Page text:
How long will a 2 gallon bucket of 2:1 last on an average hive?
How long will a 2 gallon bucket of 2:1 last on an average hive?
That depends on quite a few different things.
Right now, it will last until it molds or the temperature of the syrup goes above 50F for a few hours, since the bees won't take when it's colder than that.
On my small swarm hive this September, probably an afternoon at most, they sucked down 9 gallons in a week storing syrup for winter.
One one of my hives it would last 1-2 weeks after the temp was well above 50 degrees.....
Anywhere from six months to one day depending on the temperature, the time of year, the strength of the hive etc...
If I put it on in October, it will likely still be there in April... if I put warm syrup on in April on a warm day it may be gone before dark...
Asking about an average hive is like asking how long an average piece of string is...
...so the average answer to the question will be "it depends" (as above) or inaccurate.
Im sorry i asked!!! If thats the kind of answers im going to get on here i wont be posting anymore better yet, I prefer YOU not answer my questions from now on Beregondo!
OK, two gallons of syrup will last 10 days.
Is that answer more what you were looking for? Is it useful to you? :scratch:
I'm not trying to be a smart Alec, Myron.
I apologize if I've offended you.
I'm truly trying to be helpful:
The less specific your question is the more difficult it is to answer helpfully.
Any very specific answer to a general question about an "average" hive may be comforting but will seldom be accurate.
Consider the variability above; one guys says, "hours" another says, possibly 6 months.
That's what I mean by reference to an average piece of string and "it depends".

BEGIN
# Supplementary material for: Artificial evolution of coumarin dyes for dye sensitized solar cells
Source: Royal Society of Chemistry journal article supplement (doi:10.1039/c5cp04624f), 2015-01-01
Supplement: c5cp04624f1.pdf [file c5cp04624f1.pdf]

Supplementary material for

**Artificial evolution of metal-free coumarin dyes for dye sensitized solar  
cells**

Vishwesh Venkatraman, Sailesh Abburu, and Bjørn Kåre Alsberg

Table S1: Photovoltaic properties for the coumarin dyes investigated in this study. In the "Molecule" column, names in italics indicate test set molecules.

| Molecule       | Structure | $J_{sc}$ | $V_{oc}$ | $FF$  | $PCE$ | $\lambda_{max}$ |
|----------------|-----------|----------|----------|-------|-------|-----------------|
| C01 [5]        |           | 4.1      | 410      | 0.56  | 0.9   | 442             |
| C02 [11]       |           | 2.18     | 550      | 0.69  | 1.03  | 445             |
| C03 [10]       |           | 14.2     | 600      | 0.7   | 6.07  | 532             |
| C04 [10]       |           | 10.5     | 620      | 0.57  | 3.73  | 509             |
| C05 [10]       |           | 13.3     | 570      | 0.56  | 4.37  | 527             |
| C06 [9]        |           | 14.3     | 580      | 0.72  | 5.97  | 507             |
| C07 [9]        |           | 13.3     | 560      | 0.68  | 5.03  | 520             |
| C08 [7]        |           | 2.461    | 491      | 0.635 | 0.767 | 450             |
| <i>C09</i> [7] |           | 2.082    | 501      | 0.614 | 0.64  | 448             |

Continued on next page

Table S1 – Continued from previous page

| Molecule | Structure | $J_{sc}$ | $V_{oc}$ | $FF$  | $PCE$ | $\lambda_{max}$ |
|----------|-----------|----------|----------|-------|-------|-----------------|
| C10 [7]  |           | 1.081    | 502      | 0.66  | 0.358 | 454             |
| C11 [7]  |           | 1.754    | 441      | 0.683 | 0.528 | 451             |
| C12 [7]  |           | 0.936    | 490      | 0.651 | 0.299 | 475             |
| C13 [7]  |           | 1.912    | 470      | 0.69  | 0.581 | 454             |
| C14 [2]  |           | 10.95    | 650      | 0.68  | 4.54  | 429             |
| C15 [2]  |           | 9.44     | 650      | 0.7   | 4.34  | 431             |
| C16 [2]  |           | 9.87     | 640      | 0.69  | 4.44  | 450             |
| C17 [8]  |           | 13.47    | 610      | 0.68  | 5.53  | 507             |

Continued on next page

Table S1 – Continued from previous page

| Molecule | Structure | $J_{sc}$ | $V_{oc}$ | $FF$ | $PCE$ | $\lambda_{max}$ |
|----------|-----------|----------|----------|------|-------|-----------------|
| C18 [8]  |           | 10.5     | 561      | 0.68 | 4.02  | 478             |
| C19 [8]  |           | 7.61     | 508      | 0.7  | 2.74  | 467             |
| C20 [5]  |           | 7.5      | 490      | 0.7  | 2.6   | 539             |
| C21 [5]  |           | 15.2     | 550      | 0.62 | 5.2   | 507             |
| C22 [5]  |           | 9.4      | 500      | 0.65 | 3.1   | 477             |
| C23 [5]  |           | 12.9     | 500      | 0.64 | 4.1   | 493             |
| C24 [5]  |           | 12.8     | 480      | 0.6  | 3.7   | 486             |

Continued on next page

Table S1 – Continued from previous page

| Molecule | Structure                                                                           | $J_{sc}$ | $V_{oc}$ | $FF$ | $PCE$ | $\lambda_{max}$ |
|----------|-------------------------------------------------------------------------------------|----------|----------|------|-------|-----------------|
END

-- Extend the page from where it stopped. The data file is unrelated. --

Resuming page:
And the warning that anything other thaera genreal answer will not likely be accurate.
Not trying to be a wise guy or poke fun at all.
Just forget i asked. I thought this was the place for a new beek to ask questions of this nature. May be in a few years i will know it all and i can give smarta$$ answers.
Wow, it must be tough walking around every day with that enormous chip on you shoulder. Those were helpful, if witty, responses to a vague question. I have found this site to be very helpful. If you are willing to take it down a notch there is a wealth of information and opinions at your finger tips.
Have a good day and good luck in your endeavors.
> May be in a few years i will know it all and i can give smarta$$ answers.
There are plenty of examples on Beesource of people who don't know it all and still offer "smarta$$ answers". Sometimes that includes me .... :lookout:
The best way to ask questions on Beesource is to provide enough details to give a background to your question, without writing so much that the reader's eyes glaze over. Then you have to sort thru the anwers you get, and toss out the ones that don't apply to your situation. Then decide if those remaining are credible. Not always easy to do.
You can learn a lot more, in my opinion, by reading posts that are not specifically about your current situation, but may apply to you in the future. :D
They all mean well Myron... sometimes our sense of humors do not match....!...
Generaly a strong hive in the warm season will take about a gallon a week thats the amount most commercial guys figure. With brood and nectar flows changing that from a gallon in a cpl days to lasting 3-4 weeks. a lot of that will depend on how easy access they have to it.